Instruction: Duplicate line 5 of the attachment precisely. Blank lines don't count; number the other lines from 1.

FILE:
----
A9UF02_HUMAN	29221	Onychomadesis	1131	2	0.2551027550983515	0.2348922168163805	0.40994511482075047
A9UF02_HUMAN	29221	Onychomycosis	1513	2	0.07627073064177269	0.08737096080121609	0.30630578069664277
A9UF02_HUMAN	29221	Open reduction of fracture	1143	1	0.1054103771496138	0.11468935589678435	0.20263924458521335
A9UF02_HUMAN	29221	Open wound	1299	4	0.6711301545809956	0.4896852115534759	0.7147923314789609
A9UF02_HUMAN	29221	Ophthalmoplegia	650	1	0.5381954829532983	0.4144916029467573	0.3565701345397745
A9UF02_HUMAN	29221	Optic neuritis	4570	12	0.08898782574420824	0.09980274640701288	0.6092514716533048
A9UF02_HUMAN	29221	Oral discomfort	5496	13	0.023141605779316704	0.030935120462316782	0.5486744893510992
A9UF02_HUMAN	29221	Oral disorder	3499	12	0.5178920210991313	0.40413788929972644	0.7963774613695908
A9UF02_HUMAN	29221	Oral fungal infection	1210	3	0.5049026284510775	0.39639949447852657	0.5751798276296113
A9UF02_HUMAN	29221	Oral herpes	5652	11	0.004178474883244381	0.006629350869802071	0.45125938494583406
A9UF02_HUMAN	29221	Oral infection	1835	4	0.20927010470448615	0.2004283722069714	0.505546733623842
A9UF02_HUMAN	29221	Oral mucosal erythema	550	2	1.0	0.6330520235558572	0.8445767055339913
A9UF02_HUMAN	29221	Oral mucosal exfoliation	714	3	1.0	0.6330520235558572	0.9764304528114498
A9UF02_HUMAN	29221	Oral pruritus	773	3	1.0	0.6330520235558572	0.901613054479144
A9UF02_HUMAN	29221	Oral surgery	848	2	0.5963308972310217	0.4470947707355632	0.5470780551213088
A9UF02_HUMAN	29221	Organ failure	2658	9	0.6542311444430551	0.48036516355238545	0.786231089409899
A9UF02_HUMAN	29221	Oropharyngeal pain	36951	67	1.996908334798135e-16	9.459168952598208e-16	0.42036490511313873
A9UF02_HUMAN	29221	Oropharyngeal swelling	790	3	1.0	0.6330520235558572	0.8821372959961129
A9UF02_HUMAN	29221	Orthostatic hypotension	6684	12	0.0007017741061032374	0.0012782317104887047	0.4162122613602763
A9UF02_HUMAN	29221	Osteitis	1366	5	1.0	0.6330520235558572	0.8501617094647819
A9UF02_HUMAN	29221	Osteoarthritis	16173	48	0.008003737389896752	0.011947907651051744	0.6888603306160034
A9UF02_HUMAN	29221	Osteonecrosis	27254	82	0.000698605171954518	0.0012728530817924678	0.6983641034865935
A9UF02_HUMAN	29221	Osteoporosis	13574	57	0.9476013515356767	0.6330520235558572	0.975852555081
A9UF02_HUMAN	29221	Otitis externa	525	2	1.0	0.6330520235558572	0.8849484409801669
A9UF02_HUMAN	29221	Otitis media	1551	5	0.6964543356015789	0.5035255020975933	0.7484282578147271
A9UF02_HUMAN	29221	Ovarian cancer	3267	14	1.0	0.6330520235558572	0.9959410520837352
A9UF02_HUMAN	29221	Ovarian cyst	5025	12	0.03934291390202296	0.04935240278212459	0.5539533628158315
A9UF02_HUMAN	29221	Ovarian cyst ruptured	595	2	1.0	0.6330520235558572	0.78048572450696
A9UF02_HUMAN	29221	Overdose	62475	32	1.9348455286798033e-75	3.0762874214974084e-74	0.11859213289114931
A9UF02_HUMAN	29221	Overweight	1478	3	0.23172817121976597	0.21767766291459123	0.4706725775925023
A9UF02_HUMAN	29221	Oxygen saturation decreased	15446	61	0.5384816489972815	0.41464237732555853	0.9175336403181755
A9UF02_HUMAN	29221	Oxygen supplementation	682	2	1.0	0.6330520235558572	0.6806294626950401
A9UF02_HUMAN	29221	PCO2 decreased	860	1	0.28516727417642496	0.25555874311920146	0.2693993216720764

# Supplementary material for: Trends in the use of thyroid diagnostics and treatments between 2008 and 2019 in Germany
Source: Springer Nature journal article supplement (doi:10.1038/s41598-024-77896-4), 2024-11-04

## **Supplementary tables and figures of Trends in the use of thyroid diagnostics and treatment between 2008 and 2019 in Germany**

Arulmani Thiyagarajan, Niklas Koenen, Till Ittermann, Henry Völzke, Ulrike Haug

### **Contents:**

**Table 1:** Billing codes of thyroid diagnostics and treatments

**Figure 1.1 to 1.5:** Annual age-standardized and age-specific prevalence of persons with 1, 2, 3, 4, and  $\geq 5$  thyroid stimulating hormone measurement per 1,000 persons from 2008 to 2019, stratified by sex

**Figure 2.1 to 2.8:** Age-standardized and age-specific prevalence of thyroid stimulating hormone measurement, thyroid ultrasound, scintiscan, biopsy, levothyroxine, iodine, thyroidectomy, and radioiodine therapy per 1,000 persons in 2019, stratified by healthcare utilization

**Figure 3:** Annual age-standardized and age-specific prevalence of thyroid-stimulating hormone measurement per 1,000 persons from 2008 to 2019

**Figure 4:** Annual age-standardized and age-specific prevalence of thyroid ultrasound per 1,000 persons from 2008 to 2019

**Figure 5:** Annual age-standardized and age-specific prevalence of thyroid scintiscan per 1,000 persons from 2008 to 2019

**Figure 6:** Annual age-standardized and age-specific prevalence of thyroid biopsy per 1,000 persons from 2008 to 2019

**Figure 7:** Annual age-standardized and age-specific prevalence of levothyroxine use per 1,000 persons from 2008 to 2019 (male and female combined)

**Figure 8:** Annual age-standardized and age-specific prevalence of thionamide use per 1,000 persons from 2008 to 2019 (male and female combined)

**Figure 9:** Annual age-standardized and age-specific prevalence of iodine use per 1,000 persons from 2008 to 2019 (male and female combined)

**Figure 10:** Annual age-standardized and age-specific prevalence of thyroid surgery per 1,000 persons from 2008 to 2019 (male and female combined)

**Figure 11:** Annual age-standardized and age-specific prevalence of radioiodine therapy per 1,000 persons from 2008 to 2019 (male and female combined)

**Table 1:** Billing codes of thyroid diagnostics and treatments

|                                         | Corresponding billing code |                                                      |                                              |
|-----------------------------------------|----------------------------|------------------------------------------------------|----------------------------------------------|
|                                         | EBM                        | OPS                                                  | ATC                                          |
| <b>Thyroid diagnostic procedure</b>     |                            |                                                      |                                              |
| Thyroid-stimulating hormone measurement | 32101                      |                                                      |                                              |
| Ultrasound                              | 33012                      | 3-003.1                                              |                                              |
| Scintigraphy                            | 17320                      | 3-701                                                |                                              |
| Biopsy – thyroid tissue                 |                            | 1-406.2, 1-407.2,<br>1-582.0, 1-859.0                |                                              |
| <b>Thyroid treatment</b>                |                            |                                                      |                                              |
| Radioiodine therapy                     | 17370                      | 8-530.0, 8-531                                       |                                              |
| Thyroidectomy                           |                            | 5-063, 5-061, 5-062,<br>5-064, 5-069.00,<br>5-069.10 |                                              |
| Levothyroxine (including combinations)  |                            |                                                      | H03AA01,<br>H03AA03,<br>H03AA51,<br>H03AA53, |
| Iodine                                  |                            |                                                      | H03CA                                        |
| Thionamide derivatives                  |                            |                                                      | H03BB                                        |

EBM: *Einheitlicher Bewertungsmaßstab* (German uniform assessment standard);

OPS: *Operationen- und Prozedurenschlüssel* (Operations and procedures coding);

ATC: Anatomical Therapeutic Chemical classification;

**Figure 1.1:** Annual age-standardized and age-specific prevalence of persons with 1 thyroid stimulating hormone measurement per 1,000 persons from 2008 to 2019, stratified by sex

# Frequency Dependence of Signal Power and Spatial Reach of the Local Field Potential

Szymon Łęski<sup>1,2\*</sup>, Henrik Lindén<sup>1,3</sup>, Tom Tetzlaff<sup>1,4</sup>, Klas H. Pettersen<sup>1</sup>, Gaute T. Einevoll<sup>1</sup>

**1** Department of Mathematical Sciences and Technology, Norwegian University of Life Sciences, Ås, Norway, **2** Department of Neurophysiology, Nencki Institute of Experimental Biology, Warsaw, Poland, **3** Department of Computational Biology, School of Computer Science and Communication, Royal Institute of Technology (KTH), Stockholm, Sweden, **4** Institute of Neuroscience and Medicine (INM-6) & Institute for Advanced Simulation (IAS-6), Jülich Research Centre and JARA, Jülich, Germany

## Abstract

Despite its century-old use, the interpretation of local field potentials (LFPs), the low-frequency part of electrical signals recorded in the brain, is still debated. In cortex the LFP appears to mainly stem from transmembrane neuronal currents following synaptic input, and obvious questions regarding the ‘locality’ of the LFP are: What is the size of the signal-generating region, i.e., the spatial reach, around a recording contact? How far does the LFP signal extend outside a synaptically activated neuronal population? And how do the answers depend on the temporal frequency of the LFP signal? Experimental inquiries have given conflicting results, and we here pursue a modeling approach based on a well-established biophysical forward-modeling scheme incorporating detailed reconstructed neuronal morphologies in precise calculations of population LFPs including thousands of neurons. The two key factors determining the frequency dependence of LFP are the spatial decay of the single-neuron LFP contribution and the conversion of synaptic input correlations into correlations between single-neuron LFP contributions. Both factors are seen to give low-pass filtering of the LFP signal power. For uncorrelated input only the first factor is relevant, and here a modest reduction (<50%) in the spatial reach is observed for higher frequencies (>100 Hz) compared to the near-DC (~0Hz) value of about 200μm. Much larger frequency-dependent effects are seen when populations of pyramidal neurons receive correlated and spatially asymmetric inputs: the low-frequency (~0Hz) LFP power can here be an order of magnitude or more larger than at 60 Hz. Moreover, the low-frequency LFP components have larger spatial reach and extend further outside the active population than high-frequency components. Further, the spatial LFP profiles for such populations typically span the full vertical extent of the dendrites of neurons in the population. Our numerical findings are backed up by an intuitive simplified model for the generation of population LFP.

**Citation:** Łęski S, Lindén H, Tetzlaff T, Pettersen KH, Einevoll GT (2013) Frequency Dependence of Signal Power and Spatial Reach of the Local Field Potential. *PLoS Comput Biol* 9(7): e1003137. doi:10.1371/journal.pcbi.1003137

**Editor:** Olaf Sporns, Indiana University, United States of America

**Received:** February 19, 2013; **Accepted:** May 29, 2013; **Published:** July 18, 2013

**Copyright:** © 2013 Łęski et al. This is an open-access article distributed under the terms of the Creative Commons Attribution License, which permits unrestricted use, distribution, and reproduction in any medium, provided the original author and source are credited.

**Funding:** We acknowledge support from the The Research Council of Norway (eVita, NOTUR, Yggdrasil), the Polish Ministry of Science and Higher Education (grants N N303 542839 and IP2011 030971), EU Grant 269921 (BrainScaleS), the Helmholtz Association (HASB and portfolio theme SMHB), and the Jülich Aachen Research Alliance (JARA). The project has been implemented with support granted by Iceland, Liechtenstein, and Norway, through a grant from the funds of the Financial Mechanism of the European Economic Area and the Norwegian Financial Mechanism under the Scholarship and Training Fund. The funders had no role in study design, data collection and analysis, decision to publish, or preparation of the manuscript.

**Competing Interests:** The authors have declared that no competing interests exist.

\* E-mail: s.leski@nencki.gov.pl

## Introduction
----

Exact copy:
A9UF02_HUMAN	29221	Ophthalmoplegia	650	1	0.5381954829532983	0.4144916029467573	0.3565701345397745